Sunday, 2006-December-24 at 16:33

You may wonder why OOXML and ODF are such big issues. After all, they are both zipped XML-based storage formats. Why couldn't someone use XSLT to transform documents from one format to the other? Isn't that one of the chief advantages of XML?

There are some technical obstacles, albeit they may not be insurmountable. The biggest technical problems stem from the over-specificity of the OOXML format. For example, OOXML specifies the cute little border graphics that are sometimes used around documents, giving each one a number. What if you want to use a different graphic in your implementation? The ODF standard says to enclose a copy of the graphic inside the zip archive and link to it from the XML file, which makes the receiver's software able to render said graphic even if it is not the same software as the sender uses. On the other hand, OOXML, with its pre-specified graphics could mean that every application needs to have its own copies of those graphics. Those graphics are copyrighted, so a competitor implementing OOXML would have to get permission to use them, but they are built into the standard as a requirement.

It is difficult enough sometimes to find ways to utilize the data files of a competing product, with its "magic numbers" and built-in assumptions, but as I mentioned here, OOXML has also been developed as a "memory dump" of Microsoft's suite of office applications, which means that the import and export process must reproduce the internal conditions of Microsoft's software, including binary data inserted within the XML files. You have to wonder there, what in the world were they thinking?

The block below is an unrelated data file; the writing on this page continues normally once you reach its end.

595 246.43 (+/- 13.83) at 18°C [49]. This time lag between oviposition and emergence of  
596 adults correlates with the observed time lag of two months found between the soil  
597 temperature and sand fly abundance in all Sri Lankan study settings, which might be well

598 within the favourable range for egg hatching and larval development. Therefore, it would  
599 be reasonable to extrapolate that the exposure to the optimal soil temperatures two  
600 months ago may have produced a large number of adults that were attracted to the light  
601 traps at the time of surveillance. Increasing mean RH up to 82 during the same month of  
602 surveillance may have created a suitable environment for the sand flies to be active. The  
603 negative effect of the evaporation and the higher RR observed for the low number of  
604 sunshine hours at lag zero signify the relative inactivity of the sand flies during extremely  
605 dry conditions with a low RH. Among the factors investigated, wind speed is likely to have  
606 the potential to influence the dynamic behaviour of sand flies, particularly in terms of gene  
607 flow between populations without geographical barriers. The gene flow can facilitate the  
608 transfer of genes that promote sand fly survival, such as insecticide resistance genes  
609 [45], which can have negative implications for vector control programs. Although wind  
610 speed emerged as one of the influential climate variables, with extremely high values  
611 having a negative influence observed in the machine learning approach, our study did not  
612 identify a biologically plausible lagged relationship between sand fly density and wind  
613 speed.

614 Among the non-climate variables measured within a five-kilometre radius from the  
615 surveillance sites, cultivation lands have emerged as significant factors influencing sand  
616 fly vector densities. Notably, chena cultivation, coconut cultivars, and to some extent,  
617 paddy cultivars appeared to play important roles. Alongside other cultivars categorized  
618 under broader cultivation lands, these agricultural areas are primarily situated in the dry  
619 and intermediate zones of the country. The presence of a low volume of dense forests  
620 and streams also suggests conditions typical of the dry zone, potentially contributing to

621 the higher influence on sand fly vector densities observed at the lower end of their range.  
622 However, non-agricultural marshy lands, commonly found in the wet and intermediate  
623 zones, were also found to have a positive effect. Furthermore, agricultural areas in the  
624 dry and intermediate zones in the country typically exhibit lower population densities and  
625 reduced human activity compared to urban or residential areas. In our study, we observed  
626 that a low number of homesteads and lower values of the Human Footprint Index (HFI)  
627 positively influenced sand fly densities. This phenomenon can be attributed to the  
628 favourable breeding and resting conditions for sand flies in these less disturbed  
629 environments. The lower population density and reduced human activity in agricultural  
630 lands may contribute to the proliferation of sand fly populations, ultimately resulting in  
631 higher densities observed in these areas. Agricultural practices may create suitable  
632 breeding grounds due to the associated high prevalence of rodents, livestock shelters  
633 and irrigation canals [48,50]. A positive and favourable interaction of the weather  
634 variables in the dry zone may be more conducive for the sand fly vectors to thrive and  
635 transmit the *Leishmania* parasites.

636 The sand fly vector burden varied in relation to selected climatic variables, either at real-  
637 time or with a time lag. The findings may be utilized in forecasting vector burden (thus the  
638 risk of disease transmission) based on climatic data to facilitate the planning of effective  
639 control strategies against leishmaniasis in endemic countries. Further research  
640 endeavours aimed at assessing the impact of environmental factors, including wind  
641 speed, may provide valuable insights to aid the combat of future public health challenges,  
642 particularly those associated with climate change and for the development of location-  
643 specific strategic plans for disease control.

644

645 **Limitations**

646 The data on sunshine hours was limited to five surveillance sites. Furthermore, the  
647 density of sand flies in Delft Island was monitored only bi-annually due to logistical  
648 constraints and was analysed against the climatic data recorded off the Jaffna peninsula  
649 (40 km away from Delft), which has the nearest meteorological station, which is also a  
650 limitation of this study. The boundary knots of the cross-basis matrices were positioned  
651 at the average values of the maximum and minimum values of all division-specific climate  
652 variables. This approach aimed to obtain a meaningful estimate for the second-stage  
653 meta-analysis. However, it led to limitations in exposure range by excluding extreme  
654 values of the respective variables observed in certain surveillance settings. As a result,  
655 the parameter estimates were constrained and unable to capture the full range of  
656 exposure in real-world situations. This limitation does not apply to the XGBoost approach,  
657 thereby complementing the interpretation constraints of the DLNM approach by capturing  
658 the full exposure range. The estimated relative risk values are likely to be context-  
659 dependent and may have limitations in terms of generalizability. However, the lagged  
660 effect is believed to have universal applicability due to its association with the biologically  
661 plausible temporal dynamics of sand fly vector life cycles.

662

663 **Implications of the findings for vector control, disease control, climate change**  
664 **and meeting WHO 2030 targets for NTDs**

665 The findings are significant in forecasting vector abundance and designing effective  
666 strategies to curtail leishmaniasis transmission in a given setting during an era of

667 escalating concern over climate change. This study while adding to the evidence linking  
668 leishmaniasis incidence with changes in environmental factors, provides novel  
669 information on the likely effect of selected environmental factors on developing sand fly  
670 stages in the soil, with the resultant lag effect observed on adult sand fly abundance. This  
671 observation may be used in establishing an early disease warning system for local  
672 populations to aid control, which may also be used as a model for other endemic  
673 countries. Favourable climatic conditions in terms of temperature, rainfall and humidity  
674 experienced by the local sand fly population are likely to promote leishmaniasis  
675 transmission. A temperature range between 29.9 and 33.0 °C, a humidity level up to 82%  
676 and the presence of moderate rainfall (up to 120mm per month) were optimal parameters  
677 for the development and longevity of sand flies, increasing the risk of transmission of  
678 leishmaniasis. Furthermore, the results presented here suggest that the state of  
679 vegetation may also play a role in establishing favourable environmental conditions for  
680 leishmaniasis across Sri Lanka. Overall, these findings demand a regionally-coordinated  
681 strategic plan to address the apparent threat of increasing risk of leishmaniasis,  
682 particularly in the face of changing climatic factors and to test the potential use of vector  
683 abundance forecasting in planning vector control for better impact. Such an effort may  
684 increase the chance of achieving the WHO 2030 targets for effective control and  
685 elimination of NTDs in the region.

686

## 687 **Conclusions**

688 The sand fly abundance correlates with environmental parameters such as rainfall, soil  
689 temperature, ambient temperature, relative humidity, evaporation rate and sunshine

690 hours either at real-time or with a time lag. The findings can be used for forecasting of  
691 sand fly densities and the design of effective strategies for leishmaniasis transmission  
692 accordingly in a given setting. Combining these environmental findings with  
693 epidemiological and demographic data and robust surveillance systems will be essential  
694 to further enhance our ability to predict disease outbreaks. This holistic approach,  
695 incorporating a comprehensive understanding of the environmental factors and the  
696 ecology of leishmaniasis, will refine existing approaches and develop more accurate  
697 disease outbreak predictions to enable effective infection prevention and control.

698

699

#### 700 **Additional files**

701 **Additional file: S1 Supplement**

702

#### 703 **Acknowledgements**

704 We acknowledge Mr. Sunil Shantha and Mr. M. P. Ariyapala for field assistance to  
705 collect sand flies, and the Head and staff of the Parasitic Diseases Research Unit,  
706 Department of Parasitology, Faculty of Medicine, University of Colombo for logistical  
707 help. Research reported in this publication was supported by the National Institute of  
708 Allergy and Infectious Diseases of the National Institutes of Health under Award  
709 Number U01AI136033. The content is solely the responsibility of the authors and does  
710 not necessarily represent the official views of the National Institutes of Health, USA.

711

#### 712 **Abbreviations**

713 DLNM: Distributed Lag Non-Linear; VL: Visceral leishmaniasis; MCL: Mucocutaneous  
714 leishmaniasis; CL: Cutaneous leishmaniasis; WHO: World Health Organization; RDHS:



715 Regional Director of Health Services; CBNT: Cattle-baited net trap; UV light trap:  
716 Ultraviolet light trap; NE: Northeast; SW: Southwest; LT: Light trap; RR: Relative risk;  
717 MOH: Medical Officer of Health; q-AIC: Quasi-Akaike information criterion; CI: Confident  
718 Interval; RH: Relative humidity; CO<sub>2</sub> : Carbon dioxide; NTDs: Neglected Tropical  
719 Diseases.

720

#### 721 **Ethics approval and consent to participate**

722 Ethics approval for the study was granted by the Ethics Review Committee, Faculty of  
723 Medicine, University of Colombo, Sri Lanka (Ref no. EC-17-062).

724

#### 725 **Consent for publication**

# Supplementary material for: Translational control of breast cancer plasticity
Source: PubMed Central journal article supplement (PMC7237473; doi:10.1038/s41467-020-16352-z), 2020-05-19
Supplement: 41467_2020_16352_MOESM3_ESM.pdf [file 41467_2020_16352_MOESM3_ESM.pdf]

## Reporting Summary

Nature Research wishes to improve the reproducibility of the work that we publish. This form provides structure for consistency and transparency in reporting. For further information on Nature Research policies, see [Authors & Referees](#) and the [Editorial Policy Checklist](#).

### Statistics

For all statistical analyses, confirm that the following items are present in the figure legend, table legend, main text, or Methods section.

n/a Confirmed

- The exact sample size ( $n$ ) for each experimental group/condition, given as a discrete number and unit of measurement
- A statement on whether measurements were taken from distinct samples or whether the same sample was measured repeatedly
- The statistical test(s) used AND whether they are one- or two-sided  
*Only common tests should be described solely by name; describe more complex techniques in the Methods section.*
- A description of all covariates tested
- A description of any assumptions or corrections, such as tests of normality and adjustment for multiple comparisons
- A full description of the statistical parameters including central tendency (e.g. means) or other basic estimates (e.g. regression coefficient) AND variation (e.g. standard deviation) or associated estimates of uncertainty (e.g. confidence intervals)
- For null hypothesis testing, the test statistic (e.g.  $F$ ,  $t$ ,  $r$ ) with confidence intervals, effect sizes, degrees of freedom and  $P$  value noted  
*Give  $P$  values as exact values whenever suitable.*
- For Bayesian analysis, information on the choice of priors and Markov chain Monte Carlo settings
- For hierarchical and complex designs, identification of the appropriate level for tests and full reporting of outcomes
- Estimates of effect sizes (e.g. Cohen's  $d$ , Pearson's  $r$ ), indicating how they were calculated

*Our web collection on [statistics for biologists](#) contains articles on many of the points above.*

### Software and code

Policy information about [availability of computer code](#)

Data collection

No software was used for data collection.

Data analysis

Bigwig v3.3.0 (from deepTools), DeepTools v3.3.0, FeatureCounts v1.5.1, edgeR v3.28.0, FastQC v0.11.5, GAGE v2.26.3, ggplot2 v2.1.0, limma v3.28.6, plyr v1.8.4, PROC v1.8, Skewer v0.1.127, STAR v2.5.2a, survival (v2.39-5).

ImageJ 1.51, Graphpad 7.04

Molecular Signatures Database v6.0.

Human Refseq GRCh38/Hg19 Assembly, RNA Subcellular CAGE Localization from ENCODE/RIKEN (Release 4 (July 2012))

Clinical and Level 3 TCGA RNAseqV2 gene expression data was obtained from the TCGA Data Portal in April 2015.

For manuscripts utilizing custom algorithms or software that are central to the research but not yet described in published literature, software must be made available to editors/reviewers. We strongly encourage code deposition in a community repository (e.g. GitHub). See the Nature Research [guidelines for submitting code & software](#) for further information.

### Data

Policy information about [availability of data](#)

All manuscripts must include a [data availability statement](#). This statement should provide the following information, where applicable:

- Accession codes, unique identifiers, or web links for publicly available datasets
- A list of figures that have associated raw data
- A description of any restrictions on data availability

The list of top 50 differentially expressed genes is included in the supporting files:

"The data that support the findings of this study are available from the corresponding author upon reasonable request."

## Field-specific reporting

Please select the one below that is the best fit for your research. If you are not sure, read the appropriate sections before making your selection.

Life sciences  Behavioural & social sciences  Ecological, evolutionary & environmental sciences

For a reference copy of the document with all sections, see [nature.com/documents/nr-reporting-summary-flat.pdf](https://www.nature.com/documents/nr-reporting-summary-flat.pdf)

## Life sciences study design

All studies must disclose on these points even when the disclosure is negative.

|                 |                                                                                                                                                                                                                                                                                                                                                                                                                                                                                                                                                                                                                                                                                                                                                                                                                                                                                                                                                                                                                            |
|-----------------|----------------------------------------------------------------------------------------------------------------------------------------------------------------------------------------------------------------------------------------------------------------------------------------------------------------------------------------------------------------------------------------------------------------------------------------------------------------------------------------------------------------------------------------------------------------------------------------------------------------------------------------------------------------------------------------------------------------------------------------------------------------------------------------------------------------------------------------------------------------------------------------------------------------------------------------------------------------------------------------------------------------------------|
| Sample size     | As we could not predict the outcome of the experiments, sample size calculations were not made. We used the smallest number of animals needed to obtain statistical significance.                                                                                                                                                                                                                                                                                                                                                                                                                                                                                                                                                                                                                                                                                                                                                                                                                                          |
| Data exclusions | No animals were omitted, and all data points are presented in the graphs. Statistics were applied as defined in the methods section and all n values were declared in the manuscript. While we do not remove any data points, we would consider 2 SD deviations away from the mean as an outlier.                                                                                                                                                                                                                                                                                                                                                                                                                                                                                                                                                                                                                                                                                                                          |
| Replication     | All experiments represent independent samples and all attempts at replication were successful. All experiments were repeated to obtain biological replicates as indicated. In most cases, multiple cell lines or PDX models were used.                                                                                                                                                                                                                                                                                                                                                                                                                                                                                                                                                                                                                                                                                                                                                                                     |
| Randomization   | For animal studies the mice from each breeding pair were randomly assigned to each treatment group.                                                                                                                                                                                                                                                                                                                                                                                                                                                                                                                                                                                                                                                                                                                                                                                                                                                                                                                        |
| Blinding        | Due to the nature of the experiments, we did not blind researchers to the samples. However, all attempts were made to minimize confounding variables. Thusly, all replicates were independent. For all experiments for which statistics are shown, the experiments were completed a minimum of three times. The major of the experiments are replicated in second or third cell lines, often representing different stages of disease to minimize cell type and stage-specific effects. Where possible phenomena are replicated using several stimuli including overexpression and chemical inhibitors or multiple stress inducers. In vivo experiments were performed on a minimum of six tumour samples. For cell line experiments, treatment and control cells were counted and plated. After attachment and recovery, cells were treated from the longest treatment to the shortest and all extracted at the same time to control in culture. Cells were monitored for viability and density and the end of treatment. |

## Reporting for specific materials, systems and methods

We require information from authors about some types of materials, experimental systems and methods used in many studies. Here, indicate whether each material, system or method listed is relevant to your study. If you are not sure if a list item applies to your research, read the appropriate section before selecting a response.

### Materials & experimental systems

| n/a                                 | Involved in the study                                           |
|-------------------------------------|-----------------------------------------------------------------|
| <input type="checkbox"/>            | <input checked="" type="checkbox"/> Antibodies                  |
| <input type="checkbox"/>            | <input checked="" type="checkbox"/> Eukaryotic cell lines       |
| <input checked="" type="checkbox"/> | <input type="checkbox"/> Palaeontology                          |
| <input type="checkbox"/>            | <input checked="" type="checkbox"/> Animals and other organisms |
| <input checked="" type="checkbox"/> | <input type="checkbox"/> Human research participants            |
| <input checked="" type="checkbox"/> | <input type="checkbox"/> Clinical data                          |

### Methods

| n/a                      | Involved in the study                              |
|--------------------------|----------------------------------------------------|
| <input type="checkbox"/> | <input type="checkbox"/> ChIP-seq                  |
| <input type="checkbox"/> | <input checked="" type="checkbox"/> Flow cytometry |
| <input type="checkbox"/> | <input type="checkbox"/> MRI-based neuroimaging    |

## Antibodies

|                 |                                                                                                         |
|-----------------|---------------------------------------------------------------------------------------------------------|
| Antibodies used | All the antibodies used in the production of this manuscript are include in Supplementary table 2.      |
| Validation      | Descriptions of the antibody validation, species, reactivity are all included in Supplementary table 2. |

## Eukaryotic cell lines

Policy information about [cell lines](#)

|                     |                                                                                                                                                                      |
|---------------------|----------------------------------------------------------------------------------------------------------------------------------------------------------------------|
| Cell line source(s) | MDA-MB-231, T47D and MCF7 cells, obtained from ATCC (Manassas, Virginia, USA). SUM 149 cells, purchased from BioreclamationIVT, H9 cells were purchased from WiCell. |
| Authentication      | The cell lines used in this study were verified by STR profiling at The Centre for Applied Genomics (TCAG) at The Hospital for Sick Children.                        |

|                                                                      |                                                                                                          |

Because OOXML is designed to mimic one existing software suite, it retains all of the errors that were made during the creation of said software, such as the Excel bug in which dates are off by one before a certain date. This is mentioned in a fact sheet put out by the ODF Alliance, as is the binary blobs issue. Also, there are already standards for XML representations of things like graphs (SVG) and mathematical equations (MathML), so why in the world doesn't OOXML use those standards like ODF does?

Another issue, and a very important one, is the forest of patents and patent applications that Microsoft has placed around OOXML.

But one of the clearest expressions of what this dispute is all about is found on GullFOSS. If the whole purpose of ODF is to make it easily possible for anyone, using any office suite or other application that they may have, to use the data files it produces, why in the world would someone use any other format? This is why Google Docs, OpenOffice.org , KOffice, and AbiWord all support ODF. ThinkFree Office is said to be releasing full ODF support in their next version (expected release a few days away), while WordPerfect is releasing partial support in their next version in 2007. The OOXML format? It is doubtful that they had the time or the freedom to consider how well it would work with other applications.

The nail in the coffin should be this comment , "end-users will have greater control over their data when saved in ODF." It is for that reason that I believe that every federal, state, and local agency should be required to use ODF for their editable data. Anything else is just plain wrong. Public data should be available and accessible for the entire public body, even if they do not have the funds to buy a particular office suite, or they use a different operating system than a particular office suite supports.

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Entry filed under: Computers, ODF, Software, XML.

Too Many Steps ODF Will Work For PWDs

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